Have had first round of chemotherapy. I feel… pretty good, actually. Despite the hair. I’m due for the second round on Friday and sort of assumed that side effects from round one were over, hence the wobble. Getting a reasonable amount of exercise, going to work around 3 days a week for around 5 hours at a time (working from home otherwise). Nesta have been incredibly supportive, from moving me onto the investments team (with a lot of fascinating opportunities to work with some really good companies – a good follow-up from my BGV days). I still get tired but it’s almost like I haven’t got a fist-sized lump of mutated me trying to kill the rest of me. Almost.

So, overall, doing well, feeling good, getting stronger, working, and enjoying every sandwich.

Apr 032013

(maybe not a very good one. I know how that sounds)

Some years ago I had a flatmate who had these books by Iain Banks on his bookshelf. He kept telling me I had to read The Bridge, which was his favourite book of all time, so I kept waiting for him to get it back from whoever he’d lent it to. Iain Banks is one of those names you see when browsing used bookshops – they’ve always got a few.

I got tired of waiting, and sat down with The Wasp Factory instead. Then I went out and bought The Bridge. Then scoured San Francisco’s used bookshops ’til I’d devoured Espedair Street, Complicity, The Crow Road, Walking on Glass.

I’d always been a reader, but there was something about this inventive mind that made me want to write. Not that I expected to create something of this quality. The books were astoundingly human: I read Espedair Street on holiday in London, forgoing the attractions of the city I’d flown 11 ½ hours to reach and just spent time reading in my friend Jane’s house in Brixton. My father loved Espedair Street, and it was not his sort of book at all – he was more of a Stranger in a Strange Land or Childhood’s End person. He read for ideas, not for style, catharsis, or any connection to human ideals, but even he was sucked in by the story of the rock star.

Banks never does anything the same way: his books are so different, showing such a breadth of imagination, wit, and gallows humour. When he’s had a flop of a book, it’s been because it’s simply good, and we’d come to expect brilliance out of each and every book of his.

A Glaswegian colleague of mine loaned me a copy of Raw Spirit, which is a brilliant piece of work; I’ve had the fortune to meet the commissioning editor of that piece from Hodder, who’s told me what a wonderful man Banks is. It’s also slightly less directly responsible for my channelling a significant portion of my earnings into the Scottish distillery industry.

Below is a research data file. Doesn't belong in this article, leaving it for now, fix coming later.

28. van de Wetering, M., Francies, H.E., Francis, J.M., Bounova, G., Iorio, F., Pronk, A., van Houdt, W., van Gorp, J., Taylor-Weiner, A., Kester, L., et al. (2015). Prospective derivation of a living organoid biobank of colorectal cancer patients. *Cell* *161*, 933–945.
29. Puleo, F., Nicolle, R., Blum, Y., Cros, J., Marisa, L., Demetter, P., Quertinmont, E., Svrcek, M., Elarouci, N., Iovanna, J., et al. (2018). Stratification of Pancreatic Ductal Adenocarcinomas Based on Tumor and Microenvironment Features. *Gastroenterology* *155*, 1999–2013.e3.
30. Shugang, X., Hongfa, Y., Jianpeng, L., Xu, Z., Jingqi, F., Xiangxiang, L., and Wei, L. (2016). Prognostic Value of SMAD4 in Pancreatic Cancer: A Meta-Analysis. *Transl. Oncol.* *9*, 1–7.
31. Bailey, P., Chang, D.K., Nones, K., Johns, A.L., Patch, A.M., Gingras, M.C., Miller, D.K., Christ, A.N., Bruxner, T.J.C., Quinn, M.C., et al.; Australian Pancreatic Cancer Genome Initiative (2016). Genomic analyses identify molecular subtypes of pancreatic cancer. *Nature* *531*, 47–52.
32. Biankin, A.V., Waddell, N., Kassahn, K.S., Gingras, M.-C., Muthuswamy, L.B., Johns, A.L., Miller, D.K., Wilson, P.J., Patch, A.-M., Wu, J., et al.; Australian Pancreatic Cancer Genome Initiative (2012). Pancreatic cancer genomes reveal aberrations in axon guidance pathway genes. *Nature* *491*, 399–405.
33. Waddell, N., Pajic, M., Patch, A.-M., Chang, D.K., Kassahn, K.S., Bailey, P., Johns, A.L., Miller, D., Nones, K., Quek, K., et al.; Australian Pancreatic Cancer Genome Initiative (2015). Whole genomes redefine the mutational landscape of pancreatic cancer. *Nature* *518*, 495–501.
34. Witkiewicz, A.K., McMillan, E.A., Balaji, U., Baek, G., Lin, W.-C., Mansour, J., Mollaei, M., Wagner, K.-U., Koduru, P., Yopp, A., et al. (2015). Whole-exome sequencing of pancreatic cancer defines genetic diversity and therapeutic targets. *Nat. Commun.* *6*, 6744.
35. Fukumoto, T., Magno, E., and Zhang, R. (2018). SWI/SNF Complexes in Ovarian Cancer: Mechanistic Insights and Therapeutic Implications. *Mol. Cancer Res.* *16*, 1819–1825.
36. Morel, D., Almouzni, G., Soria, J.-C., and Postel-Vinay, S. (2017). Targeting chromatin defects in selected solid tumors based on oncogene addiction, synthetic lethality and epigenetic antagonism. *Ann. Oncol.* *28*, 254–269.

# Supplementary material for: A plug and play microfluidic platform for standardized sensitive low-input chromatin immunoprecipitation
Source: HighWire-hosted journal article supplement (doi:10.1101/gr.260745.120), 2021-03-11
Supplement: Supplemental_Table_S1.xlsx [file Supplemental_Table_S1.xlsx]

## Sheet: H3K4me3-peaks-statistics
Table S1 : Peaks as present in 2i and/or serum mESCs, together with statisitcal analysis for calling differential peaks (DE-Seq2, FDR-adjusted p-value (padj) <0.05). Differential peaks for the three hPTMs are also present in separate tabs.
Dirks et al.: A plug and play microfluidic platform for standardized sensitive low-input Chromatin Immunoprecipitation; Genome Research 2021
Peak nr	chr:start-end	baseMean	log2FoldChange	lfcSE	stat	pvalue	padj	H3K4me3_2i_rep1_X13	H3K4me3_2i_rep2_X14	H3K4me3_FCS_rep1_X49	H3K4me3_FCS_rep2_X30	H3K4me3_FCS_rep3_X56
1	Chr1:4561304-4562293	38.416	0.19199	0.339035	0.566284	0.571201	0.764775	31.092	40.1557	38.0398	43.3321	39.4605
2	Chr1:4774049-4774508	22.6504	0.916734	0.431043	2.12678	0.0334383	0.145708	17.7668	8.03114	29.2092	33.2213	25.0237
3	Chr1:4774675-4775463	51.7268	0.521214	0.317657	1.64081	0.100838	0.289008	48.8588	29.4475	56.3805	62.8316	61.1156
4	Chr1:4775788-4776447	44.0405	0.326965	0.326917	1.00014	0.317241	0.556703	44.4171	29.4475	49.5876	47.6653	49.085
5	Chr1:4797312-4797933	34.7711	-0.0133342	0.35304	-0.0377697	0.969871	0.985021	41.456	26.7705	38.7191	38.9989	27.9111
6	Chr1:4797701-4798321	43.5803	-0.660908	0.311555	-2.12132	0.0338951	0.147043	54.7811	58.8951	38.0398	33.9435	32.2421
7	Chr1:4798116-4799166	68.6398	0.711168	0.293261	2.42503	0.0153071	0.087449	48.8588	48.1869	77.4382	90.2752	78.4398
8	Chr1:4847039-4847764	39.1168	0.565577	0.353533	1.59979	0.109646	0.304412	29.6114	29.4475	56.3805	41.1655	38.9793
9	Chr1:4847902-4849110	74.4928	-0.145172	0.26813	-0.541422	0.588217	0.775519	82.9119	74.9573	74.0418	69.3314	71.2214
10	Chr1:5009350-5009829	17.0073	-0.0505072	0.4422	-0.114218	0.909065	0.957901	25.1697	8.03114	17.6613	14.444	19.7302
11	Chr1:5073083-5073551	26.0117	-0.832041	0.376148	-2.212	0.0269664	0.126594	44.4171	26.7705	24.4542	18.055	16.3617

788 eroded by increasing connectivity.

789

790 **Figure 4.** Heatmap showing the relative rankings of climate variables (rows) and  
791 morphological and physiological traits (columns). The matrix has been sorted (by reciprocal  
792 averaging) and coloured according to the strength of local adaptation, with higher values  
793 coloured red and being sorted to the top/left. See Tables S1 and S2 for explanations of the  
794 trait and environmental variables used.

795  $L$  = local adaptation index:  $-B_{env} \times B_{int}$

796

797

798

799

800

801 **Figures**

I had the chance, very briefly, to meet the man, once, at Foyle’s on Charing Cross Road. He was doing a little talk and a signing for Stonemouth, yet another astonishing glimpse into the human soul.

And then there’s the Iain M. Banks stuff. I can’t even start to talk about the Culture. I don’t know where to begin. There’s amazing world building, in its proper place, as backdrop scenery. He took the most tired of genres – the space opera – and reinvented it to talk about politics, morality, experiments in civilisation – not to mention displaying a wicked and incisive sense of humour. He had to, of course, work in the top echelons of literary fiction, but also in genre as well.

It’s not bloody fair.

But still, reading his stuff made me want to be a writer.

And now he’s going to die. In a horrible way. I’ve seen people going of cancer of the liver & when cancer gets to the lymph nodes. It’s shit. It’s ugly and painful and it’s not bloody fair. So how does he go out? With humour. With sensitivity. With caring for his fans. With a specific call-out to the wonderful NHS that’s served him well – as they’d have served him if he were homeless and penniless, which is as it should be.

So thanks, Iain, for leaving a treasure trove of books behind for us to read at length and pleasure. Thanks for giving me the bug to want to get writing, to spend my evenings slaving over pen & paper or yet another keyboard. Thanks for being a brilliant human being, even – especially – in the face of incredibly good fortune and when the wheel’s turned against you.

It’s not fair, you going out this way, but that’s what we get, sometimes. Just life. And a little laughter.

(Update: It seems I’m not alone. Will Hill had similar, perhaps slightly more articulate, words here. Scott K. Andrews explains why he refuses to read The Bridge here. You can see what other folk are saying to Iain here.)